Posted by Dan Freeman

Oct 17, 2013 1:15:00 PM


For newcomers to JavaScript, the language's prototypical inheritance model is often a source of confusion, particularly for those used to classical inheritance in languages like Java, C++, and Ruby. Right off the bat, new JS developers generally hit a few blocking questions:

  • How do I set up inheritance without classes?
  • What exactly does new even do?
  • What on earth is going on with the this keyword?

Once those are settled, the pieces begin to fall into place, and they can actually get started writing software. Eventually, though, another question arises: what about super?

Invoking Methods from a Known Prototype

It turns out JavaScript's lack of super keyword is due to the fact that the language's other features make it unnecessary. Since "methods" on an object are really just fields that happen to contain functions, the prototype model gives us everything we need to call super methods in JavaScript. All an object with an overriding method has to do is grab the function with the same name from its prototype and apply it:

That gets the job done, but it's a bit verbose, and it can be even worse in certain situations. For instance, at Salsify we use composite views from Marionette to simplify rendering individual item views for every model in a collection. But what happens when we're extending another composite view and want to override one of its item view's methods?

In addition to the verbosity of this approach, it has the downside of needing to know the name of the prototype when you're writing the method. This means that changes to your inheritance hierarchy can require updating every call site for a prototype method. It also prohibits reusing function implementations that need to invoke overridden functionality.

Invoking Methods from the Constructor's Prototype

To solve the problem of needing to know the prototype name (and put a cap on the verbosity), it might be tempting to use the object's constructor attribute:

This works for the simple case; calling doSomething on an instance of Child behaves as expected. Unfortunately, calling it on an instance of Grandchild doesn't go so smoothly. Since constructor always refers to the actual function used to instantiate the object, the attempted super call instead becomes recursive, resulting in a stack overflow.

On the Shoulders of Giants

JavaScript has been around long enough (nearly two decades now) that plenty of different approaches have been taken to making it less tedious to invoke overridden methods. In 2008, John Resig published a solution on his blog that has seen considerable adoption. Lukas Olson has even packaged it as a robust Backbone plugin on GitHub. The end result of this approach is that it allows super invocations like this:

Short, sweet, and simple. The down side to this approach is that it ends up wrapping every function in a helper that maintains the value of the _super attribute, updating it before and after each invocation. This means the stack is littered with calls through this wrapper during debugging. It can also have performance implications, because every method invocation (regardless of whether it's a super call or not) has to set up a try/finally block, which can be expensive in some JS engines.

The Prototype.js library attacks the problem from the outside in. To invoke a super method in a Prototype class, you declare your method to take a special $super parameter as its first argument. The framework will pick this up and pass in the overridden implementation when the method is called.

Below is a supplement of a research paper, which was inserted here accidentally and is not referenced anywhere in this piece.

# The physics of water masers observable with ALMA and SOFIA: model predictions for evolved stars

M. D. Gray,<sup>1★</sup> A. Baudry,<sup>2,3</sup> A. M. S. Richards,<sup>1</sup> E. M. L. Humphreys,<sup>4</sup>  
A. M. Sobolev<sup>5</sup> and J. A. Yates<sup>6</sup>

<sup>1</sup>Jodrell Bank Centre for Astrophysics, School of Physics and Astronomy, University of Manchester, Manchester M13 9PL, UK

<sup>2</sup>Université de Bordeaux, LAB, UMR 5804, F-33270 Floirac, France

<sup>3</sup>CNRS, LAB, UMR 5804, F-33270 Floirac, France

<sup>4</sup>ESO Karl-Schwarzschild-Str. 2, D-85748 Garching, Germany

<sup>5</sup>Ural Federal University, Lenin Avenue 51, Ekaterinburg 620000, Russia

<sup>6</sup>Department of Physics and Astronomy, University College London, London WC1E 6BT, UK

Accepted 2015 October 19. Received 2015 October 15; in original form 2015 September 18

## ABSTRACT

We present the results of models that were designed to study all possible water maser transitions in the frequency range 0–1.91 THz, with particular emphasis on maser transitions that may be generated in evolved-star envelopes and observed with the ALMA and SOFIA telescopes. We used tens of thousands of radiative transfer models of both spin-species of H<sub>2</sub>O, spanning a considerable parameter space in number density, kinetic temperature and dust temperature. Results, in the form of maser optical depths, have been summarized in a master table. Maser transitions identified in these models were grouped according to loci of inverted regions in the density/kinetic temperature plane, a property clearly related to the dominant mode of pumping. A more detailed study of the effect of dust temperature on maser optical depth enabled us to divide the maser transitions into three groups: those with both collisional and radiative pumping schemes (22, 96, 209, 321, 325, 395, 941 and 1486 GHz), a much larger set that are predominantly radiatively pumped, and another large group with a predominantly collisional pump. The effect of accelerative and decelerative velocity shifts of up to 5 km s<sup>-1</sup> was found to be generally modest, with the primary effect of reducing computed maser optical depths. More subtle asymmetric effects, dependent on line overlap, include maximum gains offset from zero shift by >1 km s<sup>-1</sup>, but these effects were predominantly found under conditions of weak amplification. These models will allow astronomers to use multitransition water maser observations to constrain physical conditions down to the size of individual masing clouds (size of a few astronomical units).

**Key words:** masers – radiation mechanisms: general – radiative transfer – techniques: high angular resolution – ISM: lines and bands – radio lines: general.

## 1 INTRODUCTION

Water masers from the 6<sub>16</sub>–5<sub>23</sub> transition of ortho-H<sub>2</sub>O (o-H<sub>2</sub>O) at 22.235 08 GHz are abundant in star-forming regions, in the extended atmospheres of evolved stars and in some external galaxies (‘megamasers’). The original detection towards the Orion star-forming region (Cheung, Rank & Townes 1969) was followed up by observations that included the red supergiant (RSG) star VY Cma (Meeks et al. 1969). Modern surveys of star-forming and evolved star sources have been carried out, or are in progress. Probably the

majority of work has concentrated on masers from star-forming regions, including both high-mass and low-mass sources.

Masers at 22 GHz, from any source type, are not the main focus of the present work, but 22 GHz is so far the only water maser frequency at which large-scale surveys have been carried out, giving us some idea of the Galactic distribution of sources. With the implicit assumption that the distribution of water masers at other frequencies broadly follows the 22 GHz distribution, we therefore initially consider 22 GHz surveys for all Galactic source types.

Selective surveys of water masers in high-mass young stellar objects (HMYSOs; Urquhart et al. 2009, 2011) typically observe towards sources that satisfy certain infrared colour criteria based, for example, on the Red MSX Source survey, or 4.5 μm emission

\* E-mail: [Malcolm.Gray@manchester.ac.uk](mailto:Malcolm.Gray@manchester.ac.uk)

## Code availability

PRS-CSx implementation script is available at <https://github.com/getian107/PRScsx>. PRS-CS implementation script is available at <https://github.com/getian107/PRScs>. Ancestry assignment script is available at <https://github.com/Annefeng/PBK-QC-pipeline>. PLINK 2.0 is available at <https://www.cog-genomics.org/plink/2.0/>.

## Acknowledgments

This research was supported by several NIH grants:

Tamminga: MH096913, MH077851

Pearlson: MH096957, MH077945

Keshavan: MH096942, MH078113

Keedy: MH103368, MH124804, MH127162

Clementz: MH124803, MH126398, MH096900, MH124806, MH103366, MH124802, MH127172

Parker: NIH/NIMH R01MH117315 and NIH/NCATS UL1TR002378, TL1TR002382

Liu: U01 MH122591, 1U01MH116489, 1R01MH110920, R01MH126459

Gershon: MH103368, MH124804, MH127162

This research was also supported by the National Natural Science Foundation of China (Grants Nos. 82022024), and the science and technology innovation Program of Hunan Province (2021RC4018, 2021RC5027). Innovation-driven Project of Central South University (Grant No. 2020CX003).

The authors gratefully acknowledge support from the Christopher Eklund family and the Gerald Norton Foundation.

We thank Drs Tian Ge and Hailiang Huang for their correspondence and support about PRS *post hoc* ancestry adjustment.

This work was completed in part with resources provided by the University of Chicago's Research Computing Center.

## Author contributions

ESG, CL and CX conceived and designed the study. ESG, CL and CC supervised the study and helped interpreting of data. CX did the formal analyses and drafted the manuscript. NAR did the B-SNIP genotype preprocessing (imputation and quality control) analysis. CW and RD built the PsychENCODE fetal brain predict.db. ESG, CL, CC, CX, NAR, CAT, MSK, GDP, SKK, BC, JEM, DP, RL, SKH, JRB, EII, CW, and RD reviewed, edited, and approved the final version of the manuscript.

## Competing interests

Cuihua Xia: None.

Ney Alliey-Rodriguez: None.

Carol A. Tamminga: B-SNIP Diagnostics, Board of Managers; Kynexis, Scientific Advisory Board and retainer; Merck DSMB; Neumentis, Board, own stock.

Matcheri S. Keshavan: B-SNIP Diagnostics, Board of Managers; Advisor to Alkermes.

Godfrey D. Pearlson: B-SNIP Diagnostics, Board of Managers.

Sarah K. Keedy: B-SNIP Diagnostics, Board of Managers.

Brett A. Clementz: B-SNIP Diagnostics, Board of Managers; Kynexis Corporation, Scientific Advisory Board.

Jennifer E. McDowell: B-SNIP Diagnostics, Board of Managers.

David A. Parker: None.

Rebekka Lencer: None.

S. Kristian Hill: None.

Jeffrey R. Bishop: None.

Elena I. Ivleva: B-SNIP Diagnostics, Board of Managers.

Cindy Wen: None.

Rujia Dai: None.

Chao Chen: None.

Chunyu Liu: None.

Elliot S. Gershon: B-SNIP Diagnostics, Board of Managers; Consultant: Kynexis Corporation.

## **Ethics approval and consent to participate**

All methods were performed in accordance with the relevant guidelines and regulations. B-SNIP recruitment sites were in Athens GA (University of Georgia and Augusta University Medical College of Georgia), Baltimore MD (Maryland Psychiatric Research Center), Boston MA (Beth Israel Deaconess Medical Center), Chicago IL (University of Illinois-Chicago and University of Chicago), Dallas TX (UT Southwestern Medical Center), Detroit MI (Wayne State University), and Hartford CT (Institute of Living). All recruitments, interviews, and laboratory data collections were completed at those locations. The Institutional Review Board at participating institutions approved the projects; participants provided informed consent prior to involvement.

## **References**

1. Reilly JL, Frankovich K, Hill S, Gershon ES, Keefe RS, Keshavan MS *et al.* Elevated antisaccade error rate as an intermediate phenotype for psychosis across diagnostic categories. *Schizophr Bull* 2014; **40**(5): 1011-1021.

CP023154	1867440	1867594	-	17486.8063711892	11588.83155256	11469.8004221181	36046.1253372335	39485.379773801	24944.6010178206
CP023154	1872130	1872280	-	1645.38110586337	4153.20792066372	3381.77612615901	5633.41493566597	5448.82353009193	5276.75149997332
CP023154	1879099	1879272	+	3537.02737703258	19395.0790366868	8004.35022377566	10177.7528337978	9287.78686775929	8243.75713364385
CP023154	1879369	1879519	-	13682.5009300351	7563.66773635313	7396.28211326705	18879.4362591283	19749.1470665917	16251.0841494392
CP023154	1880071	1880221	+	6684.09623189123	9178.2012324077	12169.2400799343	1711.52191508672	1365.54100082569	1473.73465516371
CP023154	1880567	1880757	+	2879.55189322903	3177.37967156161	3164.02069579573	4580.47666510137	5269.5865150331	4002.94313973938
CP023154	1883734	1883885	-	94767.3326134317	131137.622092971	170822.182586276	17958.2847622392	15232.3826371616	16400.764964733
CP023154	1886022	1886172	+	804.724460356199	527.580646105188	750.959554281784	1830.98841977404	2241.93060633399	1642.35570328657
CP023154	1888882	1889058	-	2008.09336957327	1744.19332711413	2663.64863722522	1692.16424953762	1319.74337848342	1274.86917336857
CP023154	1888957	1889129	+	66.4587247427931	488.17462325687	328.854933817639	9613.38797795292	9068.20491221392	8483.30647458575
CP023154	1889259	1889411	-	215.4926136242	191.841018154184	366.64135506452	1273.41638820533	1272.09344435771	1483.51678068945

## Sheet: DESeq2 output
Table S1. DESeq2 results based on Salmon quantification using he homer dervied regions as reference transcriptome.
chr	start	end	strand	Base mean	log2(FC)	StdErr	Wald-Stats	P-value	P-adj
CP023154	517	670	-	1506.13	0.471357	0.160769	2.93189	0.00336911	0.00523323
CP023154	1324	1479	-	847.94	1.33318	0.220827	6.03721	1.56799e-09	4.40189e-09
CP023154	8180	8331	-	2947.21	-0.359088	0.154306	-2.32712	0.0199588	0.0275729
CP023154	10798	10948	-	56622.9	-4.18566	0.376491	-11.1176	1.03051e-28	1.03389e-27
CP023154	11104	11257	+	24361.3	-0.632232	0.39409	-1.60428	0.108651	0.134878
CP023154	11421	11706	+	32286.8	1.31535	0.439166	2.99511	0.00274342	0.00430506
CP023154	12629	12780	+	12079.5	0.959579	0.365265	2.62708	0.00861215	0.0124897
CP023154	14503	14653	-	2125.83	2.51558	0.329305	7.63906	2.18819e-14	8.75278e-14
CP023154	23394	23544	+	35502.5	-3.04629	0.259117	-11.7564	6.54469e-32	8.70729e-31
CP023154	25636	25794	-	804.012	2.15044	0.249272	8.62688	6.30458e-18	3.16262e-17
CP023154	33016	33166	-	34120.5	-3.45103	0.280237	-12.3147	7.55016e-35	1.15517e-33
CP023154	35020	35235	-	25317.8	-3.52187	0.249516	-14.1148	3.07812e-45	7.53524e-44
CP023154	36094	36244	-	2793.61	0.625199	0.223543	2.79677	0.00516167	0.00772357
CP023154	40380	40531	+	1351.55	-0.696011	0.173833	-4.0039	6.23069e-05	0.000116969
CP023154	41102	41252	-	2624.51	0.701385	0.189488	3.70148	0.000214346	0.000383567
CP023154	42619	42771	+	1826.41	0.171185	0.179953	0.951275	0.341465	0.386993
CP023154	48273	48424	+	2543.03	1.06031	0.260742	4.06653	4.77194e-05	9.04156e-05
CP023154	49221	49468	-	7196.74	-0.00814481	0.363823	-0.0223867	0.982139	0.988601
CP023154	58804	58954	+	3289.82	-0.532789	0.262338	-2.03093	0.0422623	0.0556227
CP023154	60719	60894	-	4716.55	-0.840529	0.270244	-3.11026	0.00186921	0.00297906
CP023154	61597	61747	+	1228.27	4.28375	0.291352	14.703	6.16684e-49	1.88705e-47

Prototype's solution is consise and easy to read. It does, however, require some magic on the part of the framework to detect whether methods want the $super parameter or not. It also bears considering that the value of that parameter is not the actual super implementation; it's wrapped in a helper that handles passing that method its $super parameter if necessary, binding this for the method invocation, etc. Overall, the Prototype approach ends up being fairly complex to implement.

Outside the JavaScript Box

Of course, the other option if a language doesn't have the feature you want is to switch to another language. Both CoffeeScript and TypeScript have super built in, and compile it down to a static reference using the object's prototype.

CoffeeScript's super looks similar to many of the JS solutions we've looked at:

TypeScript's, on the other hand, more closely resembles Java:

Our Approach

Here at Salsify, though, we're still operating in JavaScript, and we're experimenting with another approach. It has roughly the same form factor as John Resig's solution, but without requiring the wrapper function around every method. Instead, we define a dynamic super property on the base prototype in our hierarchy that takes on the value of whatever method its caller overrides.

Using it is as simple as:

One key difference between this and the earlier solutions is that this.super returns the actual implementation defined on the parent, without any wrappers or bound state being pulled along. There's no performance overhead when you call it or extra frames to wade through in the debugger; it's just a vanilla JavaScript function.

There are two things you may notice about this implementation. First, the use of Object.defineProperty means it won't work in IE 8 or older. Second, it uses the dubious Function.caller, which will no longer officially be available in the next version of JavaScript, generally referred to as ES6 or "Harmony". Fortunately, ES6 will also introduce language support for accessing super methods, so the moment that becomes a problem will also be the moment we won't need this shim any longer.

Until then we'd love to hear your take on any of the approaches here, or others you've tried out.

Topics: Engineering

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